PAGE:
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Life With Archie: How to give a cartoon hero a new lease of life? Kill him off

Archie Comics has sold more than two billion comics worldwide, but its eponymous star needed updating – or rather, eliminating. Such is life in the cut-throat world of American cartoons, reports Tim Walker

Archie Andrews may not wear a Spandex outfit, but he is as enduring and all-American a comic book hero as Captain America. Both characters were created in 1941, which means that Archie – still a teenager on the page but 73 years old in real terms – has survived the Second World War, the Cold War, the Summer of Love and the rise of the internet.

Yet, as Captain America’s latest blockbuster movie rakes in record box-office receipts, his beloved contemporary is about to be killed off. Archie Comics announced this week that its friendly, freckled namesake will be shot dead in a forthcoming issue, sacrificing himself to save a friend.

The Life With Archie series, which follows the course of Archie’s life as an adult, will reach a climax when its hero meets his end in issue No 36, to be published on 16 July.

Jon Goldwater, the chief executive of Archie Comics, told CNN: “Archie dies as he lived – heroically… He dies saving the life of a friend, and does it in his usual selfless way. Archie has always been a representation of us – the best of us – our strengths and our faults.”

Mr Goldwater added that the character’s demise would “allow us as a company and the world to take a moment to look at Archie’s life as a whole and recognise him as one of the most important characters – not in just comics – but in popular culture”.

Archie has long been considered a nostalgic artefact of the post-war years. Co-created by artist Bob Montana, and based in large part on his own high-school experiences in the small town of Haverhill, Massachusetts, the comics take place in the fictional town of Riverdale.

Archie, his friend Jughead and his duelling love interests – posh Veronica and middle-class girl-next-door Betty – spend much of their time hanging out in Pop Tate’s Chocklit Shoppe, a mid-century soda shop based on the high-school haunts of Haverhill teenagers in the 1930s. The four main characters play together in a band, The Archies, which also features Archie’s rival, Reggie.


Over the years, Archie Comics has sold more than two billion of its publications worldwide. Yet much like Steve Rogers – the man beneath Captain America’s Spandex outfit – Archie is a character who needed updating for the modern world. The Life With Archie comics have explored several potential futures for its venerable hero. The final issue, No 37, will pick up with his friends a year after his death to see how Betty, Veronica and Jughead have dealt with bereavement.

Life With Archie shows what happens when Archie becomes an adult and starts dealing with grown-up issues,” said Mr Goldwater. “We’ve been building up to this moment since we launched Life With Archie five years ago and knew that any book that was telling the story of Archie’s life as an adult had to also show his final moment.”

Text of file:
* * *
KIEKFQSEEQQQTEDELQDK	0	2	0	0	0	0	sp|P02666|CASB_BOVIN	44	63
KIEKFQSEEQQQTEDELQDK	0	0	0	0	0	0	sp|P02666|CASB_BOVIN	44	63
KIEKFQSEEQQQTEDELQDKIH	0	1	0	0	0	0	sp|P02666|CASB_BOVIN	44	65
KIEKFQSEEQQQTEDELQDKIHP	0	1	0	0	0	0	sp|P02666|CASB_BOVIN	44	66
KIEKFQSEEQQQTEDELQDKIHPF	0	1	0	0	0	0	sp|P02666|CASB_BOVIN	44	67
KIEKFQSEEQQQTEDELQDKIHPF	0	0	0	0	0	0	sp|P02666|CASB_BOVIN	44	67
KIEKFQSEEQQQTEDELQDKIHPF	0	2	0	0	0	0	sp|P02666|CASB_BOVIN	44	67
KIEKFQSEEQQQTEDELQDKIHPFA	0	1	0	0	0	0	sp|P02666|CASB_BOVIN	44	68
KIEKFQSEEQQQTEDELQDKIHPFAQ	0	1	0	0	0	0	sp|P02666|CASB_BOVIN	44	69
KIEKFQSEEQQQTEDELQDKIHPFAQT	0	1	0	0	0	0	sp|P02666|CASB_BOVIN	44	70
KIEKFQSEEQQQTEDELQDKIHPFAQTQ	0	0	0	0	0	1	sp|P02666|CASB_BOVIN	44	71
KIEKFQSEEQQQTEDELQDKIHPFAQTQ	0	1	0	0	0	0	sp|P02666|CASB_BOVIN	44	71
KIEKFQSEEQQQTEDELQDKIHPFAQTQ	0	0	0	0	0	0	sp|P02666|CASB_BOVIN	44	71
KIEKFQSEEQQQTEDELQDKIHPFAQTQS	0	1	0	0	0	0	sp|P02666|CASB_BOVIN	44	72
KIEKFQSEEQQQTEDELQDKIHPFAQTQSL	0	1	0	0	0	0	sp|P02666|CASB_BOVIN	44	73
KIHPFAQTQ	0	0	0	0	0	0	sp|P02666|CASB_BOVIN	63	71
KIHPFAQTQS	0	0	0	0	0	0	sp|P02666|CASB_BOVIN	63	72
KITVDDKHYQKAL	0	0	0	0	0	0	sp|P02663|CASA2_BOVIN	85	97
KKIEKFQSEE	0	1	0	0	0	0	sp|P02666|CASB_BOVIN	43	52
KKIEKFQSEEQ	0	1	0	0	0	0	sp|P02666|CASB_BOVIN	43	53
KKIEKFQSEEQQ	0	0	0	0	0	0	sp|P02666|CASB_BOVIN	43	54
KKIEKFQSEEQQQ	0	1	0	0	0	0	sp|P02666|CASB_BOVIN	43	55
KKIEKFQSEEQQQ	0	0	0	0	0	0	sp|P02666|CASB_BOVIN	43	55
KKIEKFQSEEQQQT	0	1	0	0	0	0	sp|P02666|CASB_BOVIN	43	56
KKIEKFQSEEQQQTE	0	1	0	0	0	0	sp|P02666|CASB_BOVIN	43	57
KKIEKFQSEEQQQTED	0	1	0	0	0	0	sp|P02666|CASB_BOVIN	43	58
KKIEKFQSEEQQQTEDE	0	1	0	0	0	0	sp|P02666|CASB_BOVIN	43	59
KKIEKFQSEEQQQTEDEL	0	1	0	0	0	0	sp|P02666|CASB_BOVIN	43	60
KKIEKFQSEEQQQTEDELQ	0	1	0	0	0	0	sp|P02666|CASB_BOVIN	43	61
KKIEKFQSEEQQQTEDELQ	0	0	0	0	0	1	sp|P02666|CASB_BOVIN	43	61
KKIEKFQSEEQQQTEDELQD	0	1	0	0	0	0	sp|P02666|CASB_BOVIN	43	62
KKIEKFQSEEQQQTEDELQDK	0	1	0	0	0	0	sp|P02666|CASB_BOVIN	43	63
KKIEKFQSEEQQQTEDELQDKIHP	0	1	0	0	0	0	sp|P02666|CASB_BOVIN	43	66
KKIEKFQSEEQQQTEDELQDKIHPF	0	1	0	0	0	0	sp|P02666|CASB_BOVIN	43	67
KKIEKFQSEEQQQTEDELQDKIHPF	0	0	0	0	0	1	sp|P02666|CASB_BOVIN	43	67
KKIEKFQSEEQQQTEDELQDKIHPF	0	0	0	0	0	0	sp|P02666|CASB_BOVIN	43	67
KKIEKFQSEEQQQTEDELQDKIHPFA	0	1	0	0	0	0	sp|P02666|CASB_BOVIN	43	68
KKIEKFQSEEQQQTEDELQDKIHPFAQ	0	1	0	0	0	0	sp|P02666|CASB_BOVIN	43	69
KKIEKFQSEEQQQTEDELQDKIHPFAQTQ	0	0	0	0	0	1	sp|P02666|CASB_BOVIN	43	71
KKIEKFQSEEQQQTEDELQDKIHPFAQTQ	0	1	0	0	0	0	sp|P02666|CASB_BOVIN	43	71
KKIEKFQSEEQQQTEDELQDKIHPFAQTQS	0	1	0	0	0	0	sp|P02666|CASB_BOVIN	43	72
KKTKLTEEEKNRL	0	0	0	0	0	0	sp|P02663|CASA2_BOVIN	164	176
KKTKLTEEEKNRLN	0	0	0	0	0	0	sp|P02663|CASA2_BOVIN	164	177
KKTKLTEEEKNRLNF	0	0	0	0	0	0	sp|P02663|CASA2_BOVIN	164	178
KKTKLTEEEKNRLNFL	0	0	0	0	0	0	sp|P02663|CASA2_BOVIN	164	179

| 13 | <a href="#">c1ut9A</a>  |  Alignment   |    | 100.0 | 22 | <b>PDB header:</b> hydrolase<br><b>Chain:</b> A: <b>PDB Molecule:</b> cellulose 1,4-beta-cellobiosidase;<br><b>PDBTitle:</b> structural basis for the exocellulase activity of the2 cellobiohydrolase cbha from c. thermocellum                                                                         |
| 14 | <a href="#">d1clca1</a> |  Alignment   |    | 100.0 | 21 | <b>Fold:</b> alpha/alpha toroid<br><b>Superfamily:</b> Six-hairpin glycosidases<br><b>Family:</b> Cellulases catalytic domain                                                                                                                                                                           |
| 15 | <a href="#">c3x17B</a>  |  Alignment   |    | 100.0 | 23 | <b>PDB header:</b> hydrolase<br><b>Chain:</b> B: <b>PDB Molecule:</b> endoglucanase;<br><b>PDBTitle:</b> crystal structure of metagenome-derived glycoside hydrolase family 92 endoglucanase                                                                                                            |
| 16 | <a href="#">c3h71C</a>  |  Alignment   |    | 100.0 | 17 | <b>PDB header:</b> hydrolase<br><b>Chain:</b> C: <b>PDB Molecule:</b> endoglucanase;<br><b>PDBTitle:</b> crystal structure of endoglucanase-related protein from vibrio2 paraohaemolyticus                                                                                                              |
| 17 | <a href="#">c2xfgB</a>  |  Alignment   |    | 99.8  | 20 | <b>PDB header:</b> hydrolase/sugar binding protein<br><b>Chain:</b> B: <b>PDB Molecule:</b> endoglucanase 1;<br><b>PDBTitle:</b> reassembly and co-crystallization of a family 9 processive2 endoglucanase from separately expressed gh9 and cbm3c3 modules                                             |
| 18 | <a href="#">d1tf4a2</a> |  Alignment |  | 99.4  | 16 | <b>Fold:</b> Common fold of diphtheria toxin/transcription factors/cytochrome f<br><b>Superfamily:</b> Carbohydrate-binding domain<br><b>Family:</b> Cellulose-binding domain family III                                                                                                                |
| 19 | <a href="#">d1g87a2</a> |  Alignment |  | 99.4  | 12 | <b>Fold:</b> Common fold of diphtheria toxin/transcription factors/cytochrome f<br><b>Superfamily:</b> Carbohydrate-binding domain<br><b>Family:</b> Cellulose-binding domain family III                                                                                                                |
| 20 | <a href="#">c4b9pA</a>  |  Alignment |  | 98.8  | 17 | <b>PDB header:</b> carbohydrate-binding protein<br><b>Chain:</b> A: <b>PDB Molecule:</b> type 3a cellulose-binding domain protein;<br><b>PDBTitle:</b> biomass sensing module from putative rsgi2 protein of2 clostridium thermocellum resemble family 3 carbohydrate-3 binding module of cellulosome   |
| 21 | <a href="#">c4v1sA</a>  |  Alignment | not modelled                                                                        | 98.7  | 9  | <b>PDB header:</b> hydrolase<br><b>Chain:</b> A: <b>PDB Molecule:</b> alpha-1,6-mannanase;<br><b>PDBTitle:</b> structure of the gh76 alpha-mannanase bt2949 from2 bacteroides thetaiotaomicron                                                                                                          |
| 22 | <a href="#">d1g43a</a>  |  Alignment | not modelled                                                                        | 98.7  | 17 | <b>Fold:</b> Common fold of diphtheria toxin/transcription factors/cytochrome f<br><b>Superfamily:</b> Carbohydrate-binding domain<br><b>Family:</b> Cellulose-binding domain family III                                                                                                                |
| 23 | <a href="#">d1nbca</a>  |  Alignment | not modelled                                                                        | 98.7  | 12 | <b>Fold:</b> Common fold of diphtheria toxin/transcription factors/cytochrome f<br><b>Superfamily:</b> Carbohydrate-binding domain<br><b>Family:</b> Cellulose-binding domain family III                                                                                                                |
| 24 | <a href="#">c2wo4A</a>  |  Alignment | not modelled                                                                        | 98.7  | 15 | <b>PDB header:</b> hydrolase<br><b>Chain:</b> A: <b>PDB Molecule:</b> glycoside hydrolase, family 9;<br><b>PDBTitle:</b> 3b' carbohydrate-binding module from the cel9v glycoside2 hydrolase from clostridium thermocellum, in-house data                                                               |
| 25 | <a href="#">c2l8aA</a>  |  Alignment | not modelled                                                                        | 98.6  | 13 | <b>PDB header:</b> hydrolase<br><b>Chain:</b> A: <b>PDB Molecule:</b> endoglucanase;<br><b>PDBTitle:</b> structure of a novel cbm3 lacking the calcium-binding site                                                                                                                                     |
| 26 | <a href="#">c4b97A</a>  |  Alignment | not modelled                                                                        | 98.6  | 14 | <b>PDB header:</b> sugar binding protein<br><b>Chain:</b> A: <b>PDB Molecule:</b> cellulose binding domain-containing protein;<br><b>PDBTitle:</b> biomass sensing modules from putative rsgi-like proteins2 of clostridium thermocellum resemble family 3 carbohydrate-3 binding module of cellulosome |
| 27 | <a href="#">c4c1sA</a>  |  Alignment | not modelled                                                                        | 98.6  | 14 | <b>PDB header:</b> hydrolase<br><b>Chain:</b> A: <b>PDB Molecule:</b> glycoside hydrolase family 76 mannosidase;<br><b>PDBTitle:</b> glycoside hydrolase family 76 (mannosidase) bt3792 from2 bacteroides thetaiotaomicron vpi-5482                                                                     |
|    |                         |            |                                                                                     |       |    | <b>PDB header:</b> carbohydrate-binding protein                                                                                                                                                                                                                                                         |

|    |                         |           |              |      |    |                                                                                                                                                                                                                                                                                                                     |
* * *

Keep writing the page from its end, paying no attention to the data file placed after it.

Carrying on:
Though the adult Archie’s days are numbered, teenage Archie will live on in other series. His death is part of a headline-grabbing shake-up at Archie Comics, led by Mr Goldwater, the grandson of John L Goldwater, one of the firm’s founders. Last month, Roberto Aguirre-Sacasa, a former writer for the telelvision shows Glee and Big Love, was named the company’s chief creative officer, with a remit to draw a larger and younger audience to the Archie titles.

Lena Dunham, the creator and star of the sitcom Girls, has signed up to write a four-issue Archie storyline that will be published next year. Mr Aguirre-Sacasa told The Daily Beast that Dunham’s plot would revolve around a reality TV programme filming in Riverdale. “It’s going to be both a quintessential Archie story and a quintessential Lena story,” he said.

Archie takes charge of the play (Archie Comic Publications)

Mr Aguirre-Sacasa’s appointment comes after Archie published a crossover comic featuring characters from Glee, as well as a series called Afterlife With Archie, in which Riverdale is invaded by zombies. That title has had a galvanising effect on the bottom line: in 2011 and 2012, Archie Comics sold an average of 60 per cent of the copies it printed, but every issue of Afterlife has so far sold out.

Mr Aguirre-Sacasa’s first encounter with the company came in 2003, when Archie Comics issued a cease-and-desist order over his play Archie’s Weird Fantasy, which was due to open in Atlanta. The play depicted Archie coming out as gay and moving to New York. The title of the play was changed to Weird Comic Book Fantasy, and the characters renamed. In 2010, however, Archie and Co encountered Riverdale’s first openly gay resident, Kevin Keller, who now has his own bi-monthly comic. Last year, the company won a media award for the character from the Gay and Lesbian Alliance Against Defamation Award.

The company’s other comic book properties include Sabrina the Teenage Witch and Josie and the Pussycats, which have been adapted for TV and film. Mr Goldwater has said he hopes to expand the Archie Comics universe further into other media, including more movies. If he really is as great a hero as Captain America, Archie could easily be resurrected – or perhaps he’ll just come back as a zombie.